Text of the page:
She was a cheerleader, and played on the girl’s tennis team and I attended her matches whenever I could, so what with that and my newly found free time we were together a lot, and gradually grew closer and closer.
Her living behind the high school made things so convenient for seeing each other we took it for granted, and didn’t push our relationship any further along as far as going out on actual dates. Then again, I’d only been on one formal date in my life, so things were going smoothly as far as I was concerned.
But as it was my senior year prom discussions/rumors became rife, her sister even coming up to me in the hall one day (I’d never even spoken to her before) and asking me what my intentions were concerning that. I hadn’t even thought about it, to be honest, I replied, I guess my intention is not to go. Well, if you do, she said, you should go with someone your own age, then walked off in a huff. I never mentioned this to Holly, even when the ensuing problems arose, in fact, nothing more was said about the prom, which to my way of thinking was still a long way off, by either of us, and we kept on seeing each other as often as possible.
Before I knew it, the biggest meet of the year was fast approaching over Memorial Day weekend. It was the sectionals, and it was at our school, which made me slightly more nervous than usual. In addition, there was a guy I hadn’t run against in our dual meet earlier that spring because he’d doubled in the mile and half-mile instead of his usual two-mile, in an attempt beat us, although we won anyway.
I’d won the league meet the week before, although he wasn’t there for some reason, having already qualified for the sectionals because he had the best time in the section. I found out later he’d run in an Invitational Meet in Rochester, against top amateurs and college kids.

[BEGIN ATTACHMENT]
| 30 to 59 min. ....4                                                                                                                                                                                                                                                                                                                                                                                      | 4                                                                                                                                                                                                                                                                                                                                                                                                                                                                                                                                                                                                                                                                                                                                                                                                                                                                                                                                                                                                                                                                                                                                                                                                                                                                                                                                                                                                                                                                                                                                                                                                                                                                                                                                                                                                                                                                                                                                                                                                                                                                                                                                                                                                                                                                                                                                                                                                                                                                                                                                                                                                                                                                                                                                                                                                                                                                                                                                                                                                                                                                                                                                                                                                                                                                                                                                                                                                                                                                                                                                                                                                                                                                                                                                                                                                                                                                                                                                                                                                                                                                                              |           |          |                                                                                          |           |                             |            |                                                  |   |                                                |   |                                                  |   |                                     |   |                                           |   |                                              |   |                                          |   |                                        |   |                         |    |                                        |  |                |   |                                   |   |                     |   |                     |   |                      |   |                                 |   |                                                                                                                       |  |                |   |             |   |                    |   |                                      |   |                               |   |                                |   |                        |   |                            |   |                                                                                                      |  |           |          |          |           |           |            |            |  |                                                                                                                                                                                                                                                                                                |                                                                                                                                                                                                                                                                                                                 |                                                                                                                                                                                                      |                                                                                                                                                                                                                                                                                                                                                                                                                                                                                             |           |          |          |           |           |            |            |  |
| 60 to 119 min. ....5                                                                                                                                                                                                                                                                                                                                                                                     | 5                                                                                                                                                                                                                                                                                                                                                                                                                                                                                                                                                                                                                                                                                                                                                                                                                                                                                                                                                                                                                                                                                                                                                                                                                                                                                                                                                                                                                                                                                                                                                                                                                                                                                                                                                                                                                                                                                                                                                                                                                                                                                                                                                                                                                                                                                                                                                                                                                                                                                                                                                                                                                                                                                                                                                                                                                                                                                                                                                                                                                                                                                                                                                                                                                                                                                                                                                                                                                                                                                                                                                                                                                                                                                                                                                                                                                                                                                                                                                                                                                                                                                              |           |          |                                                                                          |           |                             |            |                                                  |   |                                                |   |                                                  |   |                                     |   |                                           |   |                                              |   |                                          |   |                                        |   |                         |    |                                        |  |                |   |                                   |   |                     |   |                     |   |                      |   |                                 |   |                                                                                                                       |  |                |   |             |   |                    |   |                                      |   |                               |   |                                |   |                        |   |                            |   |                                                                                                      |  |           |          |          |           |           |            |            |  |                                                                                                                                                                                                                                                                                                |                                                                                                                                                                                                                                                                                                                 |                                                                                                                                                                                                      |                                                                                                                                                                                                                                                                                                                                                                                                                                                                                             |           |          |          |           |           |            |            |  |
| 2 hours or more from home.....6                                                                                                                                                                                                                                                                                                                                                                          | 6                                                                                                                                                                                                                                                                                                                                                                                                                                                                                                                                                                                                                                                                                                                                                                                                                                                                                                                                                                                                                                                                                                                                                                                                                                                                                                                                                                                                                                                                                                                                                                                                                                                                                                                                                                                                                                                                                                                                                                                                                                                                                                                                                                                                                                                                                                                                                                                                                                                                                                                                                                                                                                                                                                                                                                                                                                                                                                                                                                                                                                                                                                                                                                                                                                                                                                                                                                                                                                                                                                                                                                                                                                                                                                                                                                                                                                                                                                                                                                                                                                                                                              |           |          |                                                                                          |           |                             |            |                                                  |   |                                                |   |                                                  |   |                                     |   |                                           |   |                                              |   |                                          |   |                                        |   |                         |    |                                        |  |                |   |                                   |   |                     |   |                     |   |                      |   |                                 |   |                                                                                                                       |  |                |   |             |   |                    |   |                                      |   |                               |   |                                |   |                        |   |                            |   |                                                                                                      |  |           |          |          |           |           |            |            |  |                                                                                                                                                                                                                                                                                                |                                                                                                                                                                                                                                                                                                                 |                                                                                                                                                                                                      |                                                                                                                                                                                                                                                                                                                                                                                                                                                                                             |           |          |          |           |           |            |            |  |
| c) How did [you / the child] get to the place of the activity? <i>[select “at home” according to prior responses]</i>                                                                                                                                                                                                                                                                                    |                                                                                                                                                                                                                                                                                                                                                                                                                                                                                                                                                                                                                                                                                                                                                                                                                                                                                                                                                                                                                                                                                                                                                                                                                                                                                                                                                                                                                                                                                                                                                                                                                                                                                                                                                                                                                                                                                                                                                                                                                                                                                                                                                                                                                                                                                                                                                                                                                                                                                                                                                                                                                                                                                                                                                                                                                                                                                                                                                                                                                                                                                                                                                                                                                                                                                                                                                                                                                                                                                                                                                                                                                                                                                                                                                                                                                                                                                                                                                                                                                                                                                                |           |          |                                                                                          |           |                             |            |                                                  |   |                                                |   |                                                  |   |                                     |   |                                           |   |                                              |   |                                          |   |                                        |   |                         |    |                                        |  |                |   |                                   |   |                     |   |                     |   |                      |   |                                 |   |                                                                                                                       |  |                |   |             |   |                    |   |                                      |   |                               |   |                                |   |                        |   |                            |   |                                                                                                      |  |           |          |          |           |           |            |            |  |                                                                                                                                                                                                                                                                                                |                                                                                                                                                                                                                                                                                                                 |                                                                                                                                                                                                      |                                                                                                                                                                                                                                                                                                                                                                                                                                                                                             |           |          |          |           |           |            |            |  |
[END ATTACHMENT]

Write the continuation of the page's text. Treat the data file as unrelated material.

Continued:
He was a good runner, with a better kick than I had, though I’d beaten him in the previous races we’d run against each other in cross-country and track. He, too, was having as successful a season as I was, so I’d have to plan my race strategy more carefully than normal. Usually I stayed back at the start of race or, if I knew my competition wasn’t that good, led from start to finish, but because I was worried about that kick of his my plan was to stick to him like white on rice, letting him push the pace in hopes that would diminish his finishing kick. It wasn’t the most valorous strategy, drafting on him, I’d have liked to go way out in front of him and stay there, but he was so unfamiliar to me I figured that was the best way to approach it.
When the day came I knew as soon as I woke up it was going to be the happiest day of my life. I couldn’t explain why I felt that way I just did. To be happy and know I was happy, I’d never felt that way before, never even thought it was possible.
It began as a normal school day in May, but after homeroom was over, however, there the similarity ended, for it was also the day of the Senior Class Party. There were no classes that day for the seniors and this was to be the big blow-out before finals and graduation. I figured I’d go for a while, if only to get my mind off the race, even though I had the utmost confidence in my strategy.
The party was off-campus at an old factory owned by Mr. Chambers, behind Academy Street School, whose fields we’d played Little League football on. I was able to wear jeans and a tee-shirt for the first time ever in school, which also added to the day’s uniqueness. I stopped by Holly’s locker before I left and we made plans to meet up as soon as school was over.